The name Haruki Murakami is as recognizable of a name in the literary world as J.K. Rowling. A masterful writer of the most obscure but also fascinating prose, he has a large following of readers not only in his native Japan, but also all over the world.
With many of his works having been translated in many other languages, it only seemed like right timing to bring about two particular works of his that have been out of print for over 30 years. These works are really quite special, for they are Murakami’s first two books; “Hear the Wind Sing” and “Pinball, 1973”. They were published together as “Wind/Pinball,” which was released back on August 4th.
These two books, along with “A Wild Sheep Chase,” make up what is known as “The Trilogy of the Rat.” We follow the adventures of the unnamed narrator from “A Wild Sheep Chase” (as well as “Dance, Dance, Dance”), along with his friendship with the Rat, and the ramblings of ongoing loneliness and more than odd obsessions that consumes his day-to-day thoughts. “Wind” follows his time visiting home while on summer break from university, whereas “Pinball” takes place a few years later, where he works as a freelance translator and is on a mission to find a very particular pinball machine.
There has been an evident hype building up to the release of these two early works of Murakami; perhaps almost as prominent as the hype leading up to the release of Harper Lee’s “Go Set a Watchman” last month. I’ve heard of many positive reviews prior to reading the book myself, which is why when concluding it this morning, I was unfortunately met with disappointment.
“Wind” doesn’t really have a plot, as it switches between the narrator’s ongoing mental ramblings, along with late night meet-ups with the Rat at the local bar and his developing relationship with a mysterious girl. It therefore made it hard to follow due to its lacking structure.
There was more of a story to follow in “Pinball” but by only so much, as we follow the narrator and his interactions with his mysterious, out-of-the-blue roommates, along with his (eventual) determination to find a pinball machine he got a six-figure score on. His narrative intertwines with his retelling of the Rat, as he goes about his life back in their hometown.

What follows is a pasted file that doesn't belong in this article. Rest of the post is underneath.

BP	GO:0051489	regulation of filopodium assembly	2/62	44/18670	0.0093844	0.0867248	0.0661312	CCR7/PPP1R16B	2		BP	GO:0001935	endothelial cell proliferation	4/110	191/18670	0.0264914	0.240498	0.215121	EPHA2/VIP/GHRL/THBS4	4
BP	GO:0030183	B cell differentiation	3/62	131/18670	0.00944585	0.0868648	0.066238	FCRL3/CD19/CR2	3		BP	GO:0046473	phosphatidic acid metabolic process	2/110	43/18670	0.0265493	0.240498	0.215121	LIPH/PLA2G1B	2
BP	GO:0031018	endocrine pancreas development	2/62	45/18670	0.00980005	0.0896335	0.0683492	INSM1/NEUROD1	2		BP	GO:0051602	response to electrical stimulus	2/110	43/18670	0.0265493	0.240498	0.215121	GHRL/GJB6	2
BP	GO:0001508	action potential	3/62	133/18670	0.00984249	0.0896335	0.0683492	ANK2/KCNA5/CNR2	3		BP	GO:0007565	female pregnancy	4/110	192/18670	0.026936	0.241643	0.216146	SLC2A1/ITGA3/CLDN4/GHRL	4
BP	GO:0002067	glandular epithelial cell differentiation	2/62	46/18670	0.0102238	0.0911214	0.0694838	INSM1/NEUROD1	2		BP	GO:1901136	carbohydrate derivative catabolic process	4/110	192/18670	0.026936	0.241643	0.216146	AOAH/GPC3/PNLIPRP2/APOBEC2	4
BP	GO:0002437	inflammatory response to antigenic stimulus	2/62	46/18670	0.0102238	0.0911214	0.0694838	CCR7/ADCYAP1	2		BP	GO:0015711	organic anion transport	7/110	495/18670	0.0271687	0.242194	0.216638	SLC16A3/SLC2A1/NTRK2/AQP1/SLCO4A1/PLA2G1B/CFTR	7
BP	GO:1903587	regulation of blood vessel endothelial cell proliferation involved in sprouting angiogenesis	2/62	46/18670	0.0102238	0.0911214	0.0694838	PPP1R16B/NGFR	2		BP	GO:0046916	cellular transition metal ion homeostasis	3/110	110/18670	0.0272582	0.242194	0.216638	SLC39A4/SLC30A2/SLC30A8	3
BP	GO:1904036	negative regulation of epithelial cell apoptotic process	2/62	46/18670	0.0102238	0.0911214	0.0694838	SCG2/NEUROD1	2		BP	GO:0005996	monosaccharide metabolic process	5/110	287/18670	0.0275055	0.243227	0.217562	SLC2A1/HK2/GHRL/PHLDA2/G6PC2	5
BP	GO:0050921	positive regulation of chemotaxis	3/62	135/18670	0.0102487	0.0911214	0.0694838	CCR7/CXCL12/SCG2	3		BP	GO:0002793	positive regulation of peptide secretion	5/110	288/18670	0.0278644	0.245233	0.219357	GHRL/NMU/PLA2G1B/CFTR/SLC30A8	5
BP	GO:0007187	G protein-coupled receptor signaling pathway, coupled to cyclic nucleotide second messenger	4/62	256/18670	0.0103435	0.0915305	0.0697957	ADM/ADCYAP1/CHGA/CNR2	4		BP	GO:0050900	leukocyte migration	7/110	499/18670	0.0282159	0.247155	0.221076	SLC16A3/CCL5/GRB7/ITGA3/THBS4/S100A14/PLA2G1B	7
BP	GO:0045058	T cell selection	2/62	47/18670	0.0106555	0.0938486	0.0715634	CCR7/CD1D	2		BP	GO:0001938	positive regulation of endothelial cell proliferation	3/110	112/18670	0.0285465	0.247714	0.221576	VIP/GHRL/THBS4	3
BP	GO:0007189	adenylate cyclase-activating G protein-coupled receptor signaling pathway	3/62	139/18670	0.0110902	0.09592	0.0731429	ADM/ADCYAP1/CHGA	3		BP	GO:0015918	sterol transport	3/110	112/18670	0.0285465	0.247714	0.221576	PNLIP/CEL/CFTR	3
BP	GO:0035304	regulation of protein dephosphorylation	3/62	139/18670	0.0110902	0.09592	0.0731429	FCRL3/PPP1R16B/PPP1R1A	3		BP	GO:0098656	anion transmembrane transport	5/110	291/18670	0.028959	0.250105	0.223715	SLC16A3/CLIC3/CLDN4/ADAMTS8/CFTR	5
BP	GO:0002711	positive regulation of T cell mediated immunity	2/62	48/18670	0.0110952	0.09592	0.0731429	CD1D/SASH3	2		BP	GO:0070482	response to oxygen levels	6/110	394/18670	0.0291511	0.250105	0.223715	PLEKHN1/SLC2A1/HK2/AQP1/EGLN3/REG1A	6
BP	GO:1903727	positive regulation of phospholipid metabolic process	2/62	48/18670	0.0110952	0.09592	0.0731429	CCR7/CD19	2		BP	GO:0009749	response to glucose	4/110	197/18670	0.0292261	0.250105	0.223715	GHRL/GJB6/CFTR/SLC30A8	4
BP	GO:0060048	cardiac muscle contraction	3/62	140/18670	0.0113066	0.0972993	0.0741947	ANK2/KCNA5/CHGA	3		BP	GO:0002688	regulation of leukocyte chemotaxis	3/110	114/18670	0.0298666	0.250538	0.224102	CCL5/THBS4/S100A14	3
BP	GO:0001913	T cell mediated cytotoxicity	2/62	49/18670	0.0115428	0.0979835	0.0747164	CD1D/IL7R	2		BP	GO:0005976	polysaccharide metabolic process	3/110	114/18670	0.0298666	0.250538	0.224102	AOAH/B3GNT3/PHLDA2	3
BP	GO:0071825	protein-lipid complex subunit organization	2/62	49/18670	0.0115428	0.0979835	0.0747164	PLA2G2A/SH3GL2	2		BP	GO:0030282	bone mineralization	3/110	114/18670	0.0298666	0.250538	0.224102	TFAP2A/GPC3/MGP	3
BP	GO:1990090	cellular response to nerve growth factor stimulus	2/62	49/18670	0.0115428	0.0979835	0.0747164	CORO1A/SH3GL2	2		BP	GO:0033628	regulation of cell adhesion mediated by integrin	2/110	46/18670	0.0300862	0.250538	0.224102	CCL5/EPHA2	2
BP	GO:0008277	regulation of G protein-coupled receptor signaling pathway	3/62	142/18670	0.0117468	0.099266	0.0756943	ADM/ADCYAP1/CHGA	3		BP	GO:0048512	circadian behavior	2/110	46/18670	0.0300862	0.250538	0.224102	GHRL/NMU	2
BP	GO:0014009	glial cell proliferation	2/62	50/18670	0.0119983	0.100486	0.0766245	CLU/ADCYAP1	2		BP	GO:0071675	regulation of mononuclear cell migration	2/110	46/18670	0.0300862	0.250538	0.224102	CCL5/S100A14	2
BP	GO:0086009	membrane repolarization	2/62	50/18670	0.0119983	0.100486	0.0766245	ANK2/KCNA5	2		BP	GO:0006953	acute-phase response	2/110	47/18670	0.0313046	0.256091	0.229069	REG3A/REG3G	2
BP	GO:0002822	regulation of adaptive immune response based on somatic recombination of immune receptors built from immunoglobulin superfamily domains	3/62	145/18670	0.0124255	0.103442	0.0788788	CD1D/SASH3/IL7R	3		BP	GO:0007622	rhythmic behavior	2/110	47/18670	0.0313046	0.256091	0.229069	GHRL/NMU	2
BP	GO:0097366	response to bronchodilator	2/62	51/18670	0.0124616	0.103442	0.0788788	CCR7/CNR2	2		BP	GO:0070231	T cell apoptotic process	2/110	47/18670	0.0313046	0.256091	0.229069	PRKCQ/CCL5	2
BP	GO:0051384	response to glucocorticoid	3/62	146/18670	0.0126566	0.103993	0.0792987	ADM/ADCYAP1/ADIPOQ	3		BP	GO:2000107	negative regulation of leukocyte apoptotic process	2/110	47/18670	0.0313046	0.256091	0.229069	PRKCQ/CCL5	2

Both were really random and sporadically all over the place. There wasn’t really a lot of story to tell and that’s what made it difficult to follow along. While one may say that this was Murakami at its finest, I would have to beg to differ. These were definitely not his strongest works, and knowing that these were his first two books, that would make sense then.
But the good news is that a lot of the elements that can be found in his later works are present in these two early ones; the subject of loneliness, reading as a favorable pastime, and mysterious activity taking place (and often without an explanation for them). Not to mention that the “Pinball” novella makes head nods that an adamant Murakami fan could easily spot from later appearances in his books; such as the fate of the narrator’s former schoolmate Naoko (possibly being the same Naoko from “Norwegian Wood”), as well as advice J the barkeeper gives to the Rat that can later be found in “After Dark.”
Overall, “Wind/Pinball” evidently shows a voice-in-the-making, and this is both a positive as well as a negative. It’s a positive for what would later become of Murakami’s literary works, but a negative in terms of the relatively weak content of these first two works by him.